Northern California congressional representatives this week called for more action by the U.S. Department of Transportation to increase the safety of crude oil shipments by rail.
Rep. John Garamendi, D-Walnut Grove, and three House colleagues called for the department to:
* Speed rules on phasing out old tanker cars, in favor of new, stronger models, and the implementation of technology designed to monitor train movements and automatically stop or slow a train before accidents can occur;
* Require the removal of flammable natural gas liquids from crude from the Bakken region of North Dakota before it’s loaded into rail cars; and
* Report on the industry compliance with an emergency order that shipment information be shared with local emergency officials.
The Valero Benicia refinery has plans to bring in 70,000 barrels of crude per day on trains that would rumble through downtown Davis. It’s a project to which the Davis City Council and others are opposed until safety concerns have been addressed, but only federal officials are empowered to regulate rail traffic.
A call for stricter rules has followed a series of accidents, including the 2013 explosion of an oil train that leveled the city of Lac-Mégantic, Quebec, and killed 47 people.
In a letter to Secretary Anthony Foxx, the representatives praised the “steady progress” on crude oil safety while urging accountability, comprehensive oversight and stringent standards.
“We are especially concerned with the high risks involved with transporting lighter, more flammable crude in densely populated areas,” the representatives wrote. “Should spills or explosions occur, as we have seen over the last year, the consequences could be disastrous, costing lives, damaging property, and harming the environment.”
Reps. Doris Matsui, D-Sacramento; Mike Thompson, D-St. Helena; and George Miller, D-Martinez; co-wrote the letter with Garamendi.
The industry would need to construct small processing towers to remove natural gas liquids from the crude. The towers, known as stabilizers, are common in some parts of the country, according to the letter.
“Because your agency has explicitly stated that all options are on table, we believe that requiring the petroleum industry to make lighter crude shipments by rail less volatile must be a part of the solution,” the representatives wrote.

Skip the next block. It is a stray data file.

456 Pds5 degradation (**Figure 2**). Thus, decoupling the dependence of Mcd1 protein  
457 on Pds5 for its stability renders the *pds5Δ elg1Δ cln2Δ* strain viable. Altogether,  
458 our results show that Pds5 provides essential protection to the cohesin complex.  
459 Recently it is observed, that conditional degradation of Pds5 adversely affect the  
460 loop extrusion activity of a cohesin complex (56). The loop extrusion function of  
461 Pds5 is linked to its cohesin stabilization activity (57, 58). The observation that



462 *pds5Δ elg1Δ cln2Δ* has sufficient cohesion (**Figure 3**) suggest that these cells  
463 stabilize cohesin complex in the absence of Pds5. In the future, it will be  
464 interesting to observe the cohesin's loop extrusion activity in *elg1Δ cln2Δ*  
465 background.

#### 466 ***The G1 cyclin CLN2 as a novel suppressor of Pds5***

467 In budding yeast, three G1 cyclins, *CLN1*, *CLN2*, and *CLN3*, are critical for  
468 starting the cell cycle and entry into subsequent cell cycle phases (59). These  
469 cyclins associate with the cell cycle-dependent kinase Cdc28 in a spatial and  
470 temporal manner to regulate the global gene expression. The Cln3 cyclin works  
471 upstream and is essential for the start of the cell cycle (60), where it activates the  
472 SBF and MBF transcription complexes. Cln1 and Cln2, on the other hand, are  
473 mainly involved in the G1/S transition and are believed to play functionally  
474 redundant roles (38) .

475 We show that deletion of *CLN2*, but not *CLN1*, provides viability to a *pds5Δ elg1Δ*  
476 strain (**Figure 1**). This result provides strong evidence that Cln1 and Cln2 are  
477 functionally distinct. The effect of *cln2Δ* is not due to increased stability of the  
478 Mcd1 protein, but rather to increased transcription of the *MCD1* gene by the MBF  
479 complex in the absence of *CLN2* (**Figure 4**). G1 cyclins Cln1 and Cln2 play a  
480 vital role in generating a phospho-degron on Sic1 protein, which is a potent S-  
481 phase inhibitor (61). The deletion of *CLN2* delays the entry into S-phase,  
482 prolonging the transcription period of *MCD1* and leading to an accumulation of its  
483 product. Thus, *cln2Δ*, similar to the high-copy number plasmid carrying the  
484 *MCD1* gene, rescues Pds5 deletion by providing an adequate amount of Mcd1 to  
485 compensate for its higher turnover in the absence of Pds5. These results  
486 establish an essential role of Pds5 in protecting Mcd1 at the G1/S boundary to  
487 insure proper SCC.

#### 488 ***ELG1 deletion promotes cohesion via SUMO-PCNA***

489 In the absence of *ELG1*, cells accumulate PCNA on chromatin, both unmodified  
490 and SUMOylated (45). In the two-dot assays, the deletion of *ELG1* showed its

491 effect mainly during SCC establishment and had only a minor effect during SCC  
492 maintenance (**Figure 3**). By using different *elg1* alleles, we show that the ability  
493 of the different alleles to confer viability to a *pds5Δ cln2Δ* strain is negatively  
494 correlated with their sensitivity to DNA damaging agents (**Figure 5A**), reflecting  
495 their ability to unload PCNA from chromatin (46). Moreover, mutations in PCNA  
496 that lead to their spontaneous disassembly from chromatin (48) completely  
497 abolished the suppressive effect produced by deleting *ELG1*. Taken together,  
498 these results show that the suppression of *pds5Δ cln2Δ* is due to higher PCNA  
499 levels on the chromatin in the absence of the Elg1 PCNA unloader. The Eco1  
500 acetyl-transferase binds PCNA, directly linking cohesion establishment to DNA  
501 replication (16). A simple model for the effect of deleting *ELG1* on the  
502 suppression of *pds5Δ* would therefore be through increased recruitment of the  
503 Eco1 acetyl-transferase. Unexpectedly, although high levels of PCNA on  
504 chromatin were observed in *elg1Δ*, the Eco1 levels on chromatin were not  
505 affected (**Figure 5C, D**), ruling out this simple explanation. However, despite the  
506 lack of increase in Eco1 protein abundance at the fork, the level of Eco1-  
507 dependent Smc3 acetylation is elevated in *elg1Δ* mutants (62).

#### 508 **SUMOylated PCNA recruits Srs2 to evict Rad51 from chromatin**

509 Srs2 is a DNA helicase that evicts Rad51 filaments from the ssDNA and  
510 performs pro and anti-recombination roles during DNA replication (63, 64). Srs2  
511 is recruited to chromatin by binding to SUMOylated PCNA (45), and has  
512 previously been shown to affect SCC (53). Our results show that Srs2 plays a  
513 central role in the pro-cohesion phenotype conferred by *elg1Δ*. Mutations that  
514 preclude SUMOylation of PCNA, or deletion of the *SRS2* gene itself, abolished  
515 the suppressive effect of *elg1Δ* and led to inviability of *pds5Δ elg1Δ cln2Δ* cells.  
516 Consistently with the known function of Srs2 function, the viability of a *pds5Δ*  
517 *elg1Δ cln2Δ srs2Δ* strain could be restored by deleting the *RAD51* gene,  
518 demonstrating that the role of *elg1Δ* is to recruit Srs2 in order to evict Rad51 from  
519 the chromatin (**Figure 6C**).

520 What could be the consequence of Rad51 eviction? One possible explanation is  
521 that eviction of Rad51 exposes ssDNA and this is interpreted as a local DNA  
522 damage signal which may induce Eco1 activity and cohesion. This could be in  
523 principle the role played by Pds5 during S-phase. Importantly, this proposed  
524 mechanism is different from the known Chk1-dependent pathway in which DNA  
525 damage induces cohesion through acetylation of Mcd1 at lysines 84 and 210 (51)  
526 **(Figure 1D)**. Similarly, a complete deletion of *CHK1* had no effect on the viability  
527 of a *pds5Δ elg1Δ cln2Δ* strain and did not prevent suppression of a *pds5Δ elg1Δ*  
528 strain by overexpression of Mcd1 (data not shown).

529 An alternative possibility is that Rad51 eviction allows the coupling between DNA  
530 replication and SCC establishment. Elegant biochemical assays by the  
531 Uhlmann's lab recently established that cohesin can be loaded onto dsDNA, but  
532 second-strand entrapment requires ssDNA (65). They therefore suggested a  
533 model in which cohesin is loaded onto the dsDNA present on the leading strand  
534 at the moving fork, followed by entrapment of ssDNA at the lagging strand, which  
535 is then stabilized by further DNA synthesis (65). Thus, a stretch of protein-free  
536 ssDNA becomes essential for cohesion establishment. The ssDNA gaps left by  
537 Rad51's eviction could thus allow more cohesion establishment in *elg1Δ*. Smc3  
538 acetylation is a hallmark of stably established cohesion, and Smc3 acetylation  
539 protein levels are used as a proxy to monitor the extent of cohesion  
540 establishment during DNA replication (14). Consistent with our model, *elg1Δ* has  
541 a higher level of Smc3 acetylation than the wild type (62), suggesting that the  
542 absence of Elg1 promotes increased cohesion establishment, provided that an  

“And, although building infrastructure will require time and investment, industry experts have also publicly stated that stripping (natural gas liquids) from lighter crude is a part of the equation for addressing railcar safety.”
Positive Train Control technology should be prioritized, they wrote, in order to prevent collisions and derailments caused by excessive speed. Congress has mandated that it be put in place by the end of 2015.
New tank cars built to minimize the impact of an explosion should replace 1960s-era DOT-111 tank cars for hauling crude, the representatives wrote.
“The upgrading on the tank cars is a very important requirement,” said Garamendi, a member of the House Committee on Transportation and Infrastructure, in an interview on Wednesday. “I’ve talked to Secretary Foxx about this three times now with my colleagues, and he is moving quickly to institute regulations that would require tank cars that are hauling Bakken oil to be of the highest standard. That is not the case now, but regulations should be in place in the next three to six months.”
A recently released draft of the environmental impact report for the Valero Benicia refinery project concluded that the chances of a spill of 100 barrels or more along the Roseville-Benicia line is extremely unlikely — a 0.009 chance for all trains — and that precautions have been taken to reduce the risk. Valero Benicia has said it will only use newer, sturdier tank models known as CPC-1232.
Garamendi said the concern he’s heard about the oil trains has been “limited — a little bit from the community, but mostly it’s been from public officials.”
“I have communities (in the 3rd District) through which the line goes: Davis, Dixon, Fairfield, Suisun, Marysville, and they’re at risk,” Garamendi said. “They were at risk before the Bakken oil, they are now and they will continue to be, probably, for many, many years as a result of the increased oil traffic on trains.
“It’s an ongoing concern, but it’s one that can be dealt with.”
— Reach Cory Golden at [email protected] or 530-747-8046. Follow him on Twitter at @cory_golden